DEV Community


Practical Cloud-Native Java Development with MicroProfile

Andy McCright
Andy is a Web Services Architect at IBM. He contributes to Open Liberty, CXF, RESTEasy, MicroProfile, Jakarta REST, etc. and has spoken at conferences around the world.
Originally published at on ・2 min read

For the past six months, I’ve had the privilege to work with some amazing co-authors (Emily Jiang, John Alcorn, David Chan and Alasdair Nottingham) and a super-supportive publisher (Packt) to produce the definitive guide to Java Cloud-native development.

So, what’s in it? My co-authors and I don’t like fluff – it’s titled Practical for a reason. The book takes a deep dive into MicroProfile technologies – this include some of the technologies that MP “borrowed” from Jakarta (REST, CDI, JSON-P/B) as well as the original MicroProfile technologies like Rest Client, Config, Fault Tolerance, Metrics, etc. But this book isn’t a textbook – there are practical examples with a real-world application at the core.

We also cover deployment strategies like how to run and test your application in open source servers like Open Liberty – then deploy in Docker and Kubernetes. All of the examples in the book are available in GitHub.

So, where can I get it? I’m glad you asked! It’s available for pre-sale on Amazon and Packt. It’s scheduled to release in September, 2021.

Anything else you can tell me about it? You bet! I plan to post some excerpts from the book on this site in the next few weeks. Stay tuned!

Discussion (5)

siy profile image
Sergiy Yevtushenko

What actually "cloud-native" means?

andymc12 profile image
Andy McCright Author

We've got a whole chapter on that! :) The short answer is "applications built specifically for cloud deployment". Alasdair talks about this in chapter 1 - how you can build a highway intended for 70mph (or ~115kph), but if you drive a horse and buggy on it, you won't achieve those speeds; you need a modern vehicle. So, while it is possible to take an existing monolith application and drop it into a cloud container, it will not perform as well as a modern application built with cloud deployment in mind. This usually (but not always) means using a micro-service architecture, tolerating unreliable services, asynchronous or reactive service invocation, in-app config switches that can be controlled externally, health and metrics monitoring, etc. Good question!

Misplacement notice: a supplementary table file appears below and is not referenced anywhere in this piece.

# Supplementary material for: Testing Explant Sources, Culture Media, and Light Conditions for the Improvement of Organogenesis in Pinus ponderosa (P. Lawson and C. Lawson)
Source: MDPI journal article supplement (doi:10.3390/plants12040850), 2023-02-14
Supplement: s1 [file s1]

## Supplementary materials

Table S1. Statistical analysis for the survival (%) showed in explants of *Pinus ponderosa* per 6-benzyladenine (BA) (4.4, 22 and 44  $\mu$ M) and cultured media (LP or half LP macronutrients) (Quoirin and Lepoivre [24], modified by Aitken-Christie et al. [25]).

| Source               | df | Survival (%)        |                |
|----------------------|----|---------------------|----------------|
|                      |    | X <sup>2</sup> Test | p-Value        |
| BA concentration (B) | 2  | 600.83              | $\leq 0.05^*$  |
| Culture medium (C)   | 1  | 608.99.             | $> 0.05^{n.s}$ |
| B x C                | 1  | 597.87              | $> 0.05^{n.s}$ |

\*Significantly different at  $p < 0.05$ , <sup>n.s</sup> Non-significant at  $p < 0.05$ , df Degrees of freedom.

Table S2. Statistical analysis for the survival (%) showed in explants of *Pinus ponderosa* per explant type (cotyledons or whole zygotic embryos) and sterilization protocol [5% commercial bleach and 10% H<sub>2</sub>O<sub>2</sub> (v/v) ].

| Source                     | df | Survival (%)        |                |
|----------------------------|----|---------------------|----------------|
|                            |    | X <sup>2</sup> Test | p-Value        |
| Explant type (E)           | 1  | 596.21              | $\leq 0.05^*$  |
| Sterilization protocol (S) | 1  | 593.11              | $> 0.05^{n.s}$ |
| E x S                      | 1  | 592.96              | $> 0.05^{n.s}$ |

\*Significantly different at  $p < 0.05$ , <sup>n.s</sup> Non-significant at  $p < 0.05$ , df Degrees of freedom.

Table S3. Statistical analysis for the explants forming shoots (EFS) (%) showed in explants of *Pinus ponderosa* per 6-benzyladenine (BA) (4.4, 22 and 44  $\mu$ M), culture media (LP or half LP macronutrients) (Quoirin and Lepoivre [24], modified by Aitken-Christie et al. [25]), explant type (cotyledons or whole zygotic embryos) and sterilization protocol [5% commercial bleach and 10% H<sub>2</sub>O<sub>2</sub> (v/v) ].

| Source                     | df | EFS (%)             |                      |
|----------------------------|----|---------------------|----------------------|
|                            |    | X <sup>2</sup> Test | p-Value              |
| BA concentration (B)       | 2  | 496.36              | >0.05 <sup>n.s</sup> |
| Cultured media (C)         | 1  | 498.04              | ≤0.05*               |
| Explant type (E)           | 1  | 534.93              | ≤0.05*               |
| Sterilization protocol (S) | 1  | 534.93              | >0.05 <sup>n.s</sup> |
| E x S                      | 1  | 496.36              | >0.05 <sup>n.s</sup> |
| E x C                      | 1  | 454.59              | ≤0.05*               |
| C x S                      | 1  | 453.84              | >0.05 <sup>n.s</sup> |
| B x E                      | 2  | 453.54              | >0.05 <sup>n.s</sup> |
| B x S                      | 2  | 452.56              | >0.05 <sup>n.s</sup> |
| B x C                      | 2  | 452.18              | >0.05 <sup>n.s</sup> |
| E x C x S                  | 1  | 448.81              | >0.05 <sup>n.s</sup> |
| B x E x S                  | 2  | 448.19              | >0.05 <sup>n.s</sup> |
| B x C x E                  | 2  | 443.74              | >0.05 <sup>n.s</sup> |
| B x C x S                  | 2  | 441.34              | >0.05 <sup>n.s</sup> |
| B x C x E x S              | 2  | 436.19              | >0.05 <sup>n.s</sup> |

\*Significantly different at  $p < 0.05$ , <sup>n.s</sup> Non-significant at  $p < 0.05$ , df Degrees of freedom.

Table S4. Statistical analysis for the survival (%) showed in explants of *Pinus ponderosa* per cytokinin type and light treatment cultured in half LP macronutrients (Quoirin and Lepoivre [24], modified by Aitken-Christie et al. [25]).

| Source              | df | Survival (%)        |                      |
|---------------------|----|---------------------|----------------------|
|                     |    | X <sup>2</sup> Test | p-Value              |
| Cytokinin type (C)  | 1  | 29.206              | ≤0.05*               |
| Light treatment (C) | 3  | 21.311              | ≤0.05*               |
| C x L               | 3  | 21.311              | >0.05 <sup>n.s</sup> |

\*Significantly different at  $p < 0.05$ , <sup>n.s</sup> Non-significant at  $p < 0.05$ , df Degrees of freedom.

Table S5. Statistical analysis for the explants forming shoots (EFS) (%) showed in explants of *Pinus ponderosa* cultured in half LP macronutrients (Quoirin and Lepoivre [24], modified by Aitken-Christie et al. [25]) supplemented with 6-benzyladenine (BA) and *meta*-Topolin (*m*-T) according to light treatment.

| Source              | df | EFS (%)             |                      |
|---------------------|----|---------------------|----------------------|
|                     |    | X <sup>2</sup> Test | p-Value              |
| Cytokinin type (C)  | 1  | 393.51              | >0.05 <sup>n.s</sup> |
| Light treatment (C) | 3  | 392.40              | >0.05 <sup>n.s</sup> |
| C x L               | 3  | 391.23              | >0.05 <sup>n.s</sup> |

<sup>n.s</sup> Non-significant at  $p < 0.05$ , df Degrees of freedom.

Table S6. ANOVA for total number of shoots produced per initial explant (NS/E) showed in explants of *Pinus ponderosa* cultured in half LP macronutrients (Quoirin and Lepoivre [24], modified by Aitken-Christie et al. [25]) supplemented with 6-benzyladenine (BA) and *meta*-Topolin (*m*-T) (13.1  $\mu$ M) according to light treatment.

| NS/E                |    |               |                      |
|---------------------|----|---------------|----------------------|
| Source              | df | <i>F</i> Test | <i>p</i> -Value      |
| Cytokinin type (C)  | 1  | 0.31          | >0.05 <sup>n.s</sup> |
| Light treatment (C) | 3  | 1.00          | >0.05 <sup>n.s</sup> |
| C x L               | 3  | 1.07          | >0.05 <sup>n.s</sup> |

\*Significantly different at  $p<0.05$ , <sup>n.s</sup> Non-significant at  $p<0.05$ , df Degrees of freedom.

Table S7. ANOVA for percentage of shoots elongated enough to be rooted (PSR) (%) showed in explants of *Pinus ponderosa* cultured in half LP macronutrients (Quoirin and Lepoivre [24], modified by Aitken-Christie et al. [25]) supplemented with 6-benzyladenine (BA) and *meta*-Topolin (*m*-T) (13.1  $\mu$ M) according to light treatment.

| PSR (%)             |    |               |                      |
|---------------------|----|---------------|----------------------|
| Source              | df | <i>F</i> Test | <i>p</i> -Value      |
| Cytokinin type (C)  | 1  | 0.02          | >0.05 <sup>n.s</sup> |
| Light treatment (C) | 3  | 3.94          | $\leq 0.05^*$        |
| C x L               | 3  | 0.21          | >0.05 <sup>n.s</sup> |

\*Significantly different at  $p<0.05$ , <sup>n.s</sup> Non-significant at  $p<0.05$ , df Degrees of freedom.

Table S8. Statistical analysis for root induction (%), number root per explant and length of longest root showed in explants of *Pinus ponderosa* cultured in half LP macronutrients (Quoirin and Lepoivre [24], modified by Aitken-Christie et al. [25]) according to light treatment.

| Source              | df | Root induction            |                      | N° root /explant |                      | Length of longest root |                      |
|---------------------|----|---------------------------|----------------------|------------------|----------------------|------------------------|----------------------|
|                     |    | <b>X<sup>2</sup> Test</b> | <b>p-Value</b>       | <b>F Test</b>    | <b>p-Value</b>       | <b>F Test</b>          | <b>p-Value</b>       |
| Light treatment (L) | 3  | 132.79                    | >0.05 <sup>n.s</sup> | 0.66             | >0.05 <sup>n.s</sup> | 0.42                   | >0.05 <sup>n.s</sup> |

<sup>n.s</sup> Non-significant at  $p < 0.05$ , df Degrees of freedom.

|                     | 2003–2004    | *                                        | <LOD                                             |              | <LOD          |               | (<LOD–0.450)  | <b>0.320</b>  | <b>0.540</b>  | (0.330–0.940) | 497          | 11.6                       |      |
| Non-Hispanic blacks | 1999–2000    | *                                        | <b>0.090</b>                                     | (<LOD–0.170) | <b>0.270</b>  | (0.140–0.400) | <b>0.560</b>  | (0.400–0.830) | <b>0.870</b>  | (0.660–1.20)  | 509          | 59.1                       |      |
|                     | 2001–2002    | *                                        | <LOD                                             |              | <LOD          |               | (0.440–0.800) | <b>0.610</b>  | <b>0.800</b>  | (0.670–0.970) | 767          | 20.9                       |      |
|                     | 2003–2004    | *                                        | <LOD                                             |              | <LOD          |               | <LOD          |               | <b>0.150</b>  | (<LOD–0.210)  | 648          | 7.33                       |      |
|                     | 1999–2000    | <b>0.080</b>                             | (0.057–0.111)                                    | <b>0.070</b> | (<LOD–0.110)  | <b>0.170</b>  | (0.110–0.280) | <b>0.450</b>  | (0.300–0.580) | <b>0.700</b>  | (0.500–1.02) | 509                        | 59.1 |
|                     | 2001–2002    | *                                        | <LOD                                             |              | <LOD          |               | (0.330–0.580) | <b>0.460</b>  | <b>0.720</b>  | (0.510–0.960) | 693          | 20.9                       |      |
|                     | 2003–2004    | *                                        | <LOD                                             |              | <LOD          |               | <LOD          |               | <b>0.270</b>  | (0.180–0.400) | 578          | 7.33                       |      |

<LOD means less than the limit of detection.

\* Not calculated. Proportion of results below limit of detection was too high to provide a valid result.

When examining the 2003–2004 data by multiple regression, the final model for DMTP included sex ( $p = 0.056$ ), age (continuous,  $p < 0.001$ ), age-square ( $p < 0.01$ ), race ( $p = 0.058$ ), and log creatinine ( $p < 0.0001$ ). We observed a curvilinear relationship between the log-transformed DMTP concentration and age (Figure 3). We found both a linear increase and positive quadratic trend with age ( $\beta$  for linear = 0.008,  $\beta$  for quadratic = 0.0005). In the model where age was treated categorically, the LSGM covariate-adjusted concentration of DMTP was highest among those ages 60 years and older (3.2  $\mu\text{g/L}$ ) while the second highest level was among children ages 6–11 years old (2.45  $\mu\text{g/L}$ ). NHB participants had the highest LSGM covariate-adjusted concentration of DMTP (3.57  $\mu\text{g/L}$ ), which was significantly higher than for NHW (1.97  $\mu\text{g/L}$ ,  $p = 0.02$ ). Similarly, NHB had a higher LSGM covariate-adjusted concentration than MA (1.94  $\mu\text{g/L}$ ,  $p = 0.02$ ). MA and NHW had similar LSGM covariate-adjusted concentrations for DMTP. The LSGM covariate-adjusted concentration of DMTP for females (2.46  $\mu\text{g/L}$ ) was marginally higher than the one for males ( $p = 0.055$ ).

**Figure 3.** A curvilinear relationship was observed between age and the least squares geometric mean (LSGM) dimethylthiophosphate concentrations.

siy profile image
Sergiy Yevtushenko

After spending more than a decade building distributed systems, I'm wondering why building unreliable systems (those which need to "tolerate unreliable services") on top of reliable/available ones (clouds) is considered "modern"? From your description, "cloud-native" sounds like "tightly coupled to cloud up to the level when application is unable to survive without cloud services". And that strange misconception that "monolith != modern".

About this time 9 years ago I've conceived and then, with my team, implemented a system, which, according to your assumptions, would be considered "not modern". It had had only single deployable artifact, i.e. it was a "monolith". Obviously, it was not designed for cloud deployment, did not rely on external services and did not contain any code to "tolerate unreliable service". Despite being "not modern", the system had many properties, which are beyond the wildest dreams of many "modern", "cloud native" applications:

  • simple deployment - only one deployable artifact, no need for "orchestration" or complex deployment schemes
  • numerous scalability options - spread task across all or the subset of the nodes, launch more service instances at existing nodes, add more nodes to the system (with close to linear scalability)
  • fault tolerance - while at least half + 1 node is up, system is available and completely functional.
  • built-in centralized configuration, monitoring and management. The new node joins the system in "bare" state and then reconfigures itself (starts/stops services, changes service parameters, etc.) according to configuration defined for him by leader node (automatically elected or re-elected as necessary).
  • no partial failure scenarios - system either working and completely functional or does not accept client requests at all: no way to corrupt data, no need to consider or handle myriads of possible failure scenarios.
  • very convenient writing of the business logic (services) - all other services and all necessary data are accessible directly and that access is reliable.